Egypt may lose out to Nigeria, South Africa and Kenya in attracting Muslim wealth after political unrest forced the North African country to postpone plans to introduce Islamic bond regulation.
Egypt delayed the release of a timeline for the guidelines of corporate Islamic bonds sales to May from the first quarter, following protests that led to the removal of former President Hosni Mubarak, said Ashraf El Sharkawy, chairman of the Cairo-based Egyptian Financial Supervisory Authority. Nigeria plans to license at least two Shariah-compliant institutions by year-end and Mauritius set minimum disclosure standards for financial statements from banks offering Islamic services.
“Egypt is one of the biggest markets in the region, but the problem so far has been the lack of regulation,” Abdel Hamid Abou Mousa, the chief executive officer of Cairo-based Faisal Islamic Bank of Egypt, one of three Shariah-complaint lenders in the country, said by phone April 6. “When we have sukuk no doubt they will have a market among Gulf investors who are looking for places for their money.” Faisal Islamic may issue sukuk once regulations are in place, he said.
African nations, where Muslims make up about 40 percent of the population according to a study published by the International Journal of Environmental Science and Development in June 2010, are seeking to benefit from growing interest in Islamic finance. Global assets held by Islamic financial institutions may climb to $1.6 trillion in 2012 from about $1 trillion, the Islamic Financial Services Board said last year.
Global sales of sukuk, or bonds that comply with the religion’s ban on interest, more than doubled to $4.5 billion this year from $2 billion in the year-earlier period, Bloomberg data show.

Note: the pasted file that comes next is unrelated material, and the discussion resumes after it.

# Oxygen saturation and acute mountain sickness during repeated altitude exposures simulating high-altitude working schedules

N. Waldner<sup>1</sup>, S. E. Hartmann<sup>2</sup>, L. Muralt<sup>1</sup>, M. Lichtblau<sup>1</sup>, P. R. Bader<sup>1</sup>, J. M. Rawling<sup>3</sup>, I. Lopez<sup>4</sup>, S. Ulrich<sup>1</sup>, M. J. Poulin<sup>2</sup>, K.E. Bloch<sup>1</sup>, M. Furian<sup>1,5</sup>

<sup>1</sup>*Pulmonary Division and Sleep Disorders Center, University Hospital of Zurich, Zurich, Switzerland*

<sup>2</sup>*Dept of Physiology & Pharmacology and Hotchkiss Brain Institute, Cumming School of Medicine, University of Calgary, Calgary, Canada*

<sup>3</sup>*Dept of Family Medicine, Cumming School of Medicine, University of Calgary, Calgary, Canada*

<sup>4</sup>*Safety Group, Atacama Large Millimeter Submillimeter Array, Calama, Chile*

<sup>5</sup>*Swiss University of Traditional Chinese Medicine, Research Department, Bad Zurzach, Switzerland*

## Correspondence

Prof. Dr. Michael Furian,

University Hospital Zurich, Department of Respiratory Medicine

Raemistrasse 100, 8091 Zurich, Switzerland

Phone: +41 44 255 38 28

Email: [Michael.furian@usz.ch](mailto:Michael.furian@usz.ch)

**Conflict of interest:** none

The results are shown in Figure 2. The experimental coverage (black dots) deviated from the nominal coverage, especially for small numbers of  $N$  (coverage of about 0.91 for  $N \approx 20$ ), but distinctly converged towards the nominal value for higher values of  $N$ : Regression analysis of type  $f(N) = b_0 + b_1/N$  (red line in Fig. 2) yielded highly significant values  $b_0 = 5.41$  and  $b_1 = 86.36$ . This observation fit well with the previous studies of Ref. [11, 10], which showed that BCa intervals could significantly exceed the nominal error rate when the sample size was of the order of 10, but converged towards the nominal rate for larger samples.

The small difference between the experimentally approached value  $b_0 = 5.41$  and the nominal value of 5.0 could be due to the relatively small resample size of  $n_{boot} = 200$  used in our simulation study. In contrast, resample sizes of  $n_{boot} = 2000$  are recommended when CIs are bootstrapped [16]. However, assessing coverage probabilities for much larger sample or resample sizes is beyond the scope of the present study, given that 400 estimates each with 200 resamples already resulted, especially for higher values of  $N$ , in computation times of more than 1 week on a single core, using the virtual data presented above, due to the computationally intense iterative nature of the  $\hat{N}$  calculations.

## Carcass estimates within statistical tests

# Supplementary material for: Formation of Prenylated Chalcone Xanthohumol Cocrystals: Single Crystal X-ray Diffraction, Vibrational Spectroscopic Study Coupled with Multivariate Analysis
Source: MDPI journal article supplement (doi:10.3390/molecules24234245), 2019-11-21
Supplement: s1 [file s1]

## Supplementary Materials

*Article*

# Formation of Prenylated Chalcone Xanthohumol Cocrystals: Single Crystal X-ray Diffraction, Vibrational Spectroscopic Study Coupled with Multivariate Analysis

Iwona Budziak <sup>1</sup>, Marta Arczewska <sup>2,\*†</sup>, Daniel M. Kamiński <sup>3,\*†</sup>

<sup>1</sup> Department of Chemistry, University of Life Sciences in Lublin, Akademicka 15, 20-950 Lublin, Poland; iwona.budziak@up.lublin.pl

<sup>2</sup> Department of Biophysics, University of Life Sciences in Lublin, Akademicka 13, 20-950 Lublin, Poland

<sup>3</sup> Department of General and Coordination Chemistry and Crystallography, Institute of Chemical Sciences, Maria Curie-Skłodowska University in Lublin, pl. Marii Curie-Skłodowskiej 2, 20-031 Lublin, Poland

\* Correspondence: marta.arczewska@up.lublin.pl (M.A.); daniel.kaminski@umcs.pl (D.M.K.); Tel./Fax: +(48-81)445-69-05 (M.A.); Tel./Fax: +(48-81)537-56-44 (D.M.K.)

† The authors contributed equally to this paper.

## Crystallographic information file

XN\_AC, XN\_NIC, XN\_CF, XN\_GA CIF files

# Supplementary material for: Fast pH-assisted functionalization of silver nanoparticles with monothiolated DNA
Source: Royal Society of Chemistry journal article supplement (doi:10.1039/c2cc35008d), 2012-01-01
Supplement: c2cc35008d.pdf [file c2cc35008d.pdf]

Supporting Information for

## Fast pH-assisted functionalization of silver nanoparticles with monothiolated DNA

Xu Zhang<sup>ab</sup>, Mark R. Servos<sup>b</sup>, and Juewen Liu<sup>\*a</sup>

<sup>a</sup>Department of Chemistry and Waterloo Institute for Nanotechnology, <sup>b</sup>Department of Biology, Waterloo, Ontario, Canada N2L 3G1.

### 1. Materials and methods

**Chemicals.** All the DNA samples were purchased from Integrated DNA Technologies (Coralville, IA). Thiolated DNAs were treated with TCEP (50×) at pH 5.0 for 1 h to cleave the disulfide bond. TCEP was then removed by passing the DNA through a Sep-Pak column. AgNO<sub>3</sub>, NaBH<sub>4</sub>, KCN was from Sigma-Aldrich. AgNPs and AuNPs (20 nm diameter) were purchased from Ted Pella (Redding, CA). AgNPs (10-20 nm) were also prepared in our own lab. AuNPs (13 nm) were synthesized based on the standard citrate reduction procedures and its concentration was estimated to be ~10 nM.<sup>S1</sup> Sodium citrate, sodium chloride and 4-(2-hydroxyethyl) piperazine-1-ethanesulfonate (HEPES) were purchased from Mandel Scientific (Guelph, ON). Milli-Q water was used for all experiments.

Egypt, which hasn’t sold sovereign or corporate bonds that comply with Islam’s ban on interest, is concerned about losing ground to other African nations in attracting Muslim wealth, “but we have exceptional circumstances,” said Efsa’s El Sharkawy. “We have a pre-final draft but it’s not the time for it,” he said in a telephone interview on April 3.
Mubarak resigned on Feb. 11 after 18 days of popular protests that demanded the end of his rule. The country’s worst political crisis in three decades caused tourists to flee and companies to cut output. Finance Minister Samir Radwan said this month he would be “very happy” if growth in the current fiscal year, which ends in June, ranged between 2.5 percent and 3 percent, down from 5.1 percent in the previous 12 months.
The average yield for Islamic bonds in emerging markets fell 17 basis points last week to 4.5 percent on April 8, the HSBC/NASDAQ Dubai US Dollar Sukuk Index shows. The debt returned 2.9 percent so far this year, the data show, while debt in developing markets gained 1.5 percent in 2011, JPMorgan Chase & Co.’s EMBI Global Diversified Index shows.
The extra yield investors demand to emerging market sukuk over the London interbank offered rate narrowed for a third week, dropping 19 basis points last week to 242, the lowest since June 2008. The spread between Dubai’s 6.396 percent dollar Islamic bond over Malaysia’s 3.928 percent sukuk declined 29 basis points last week to 224, according to Bloomberg data.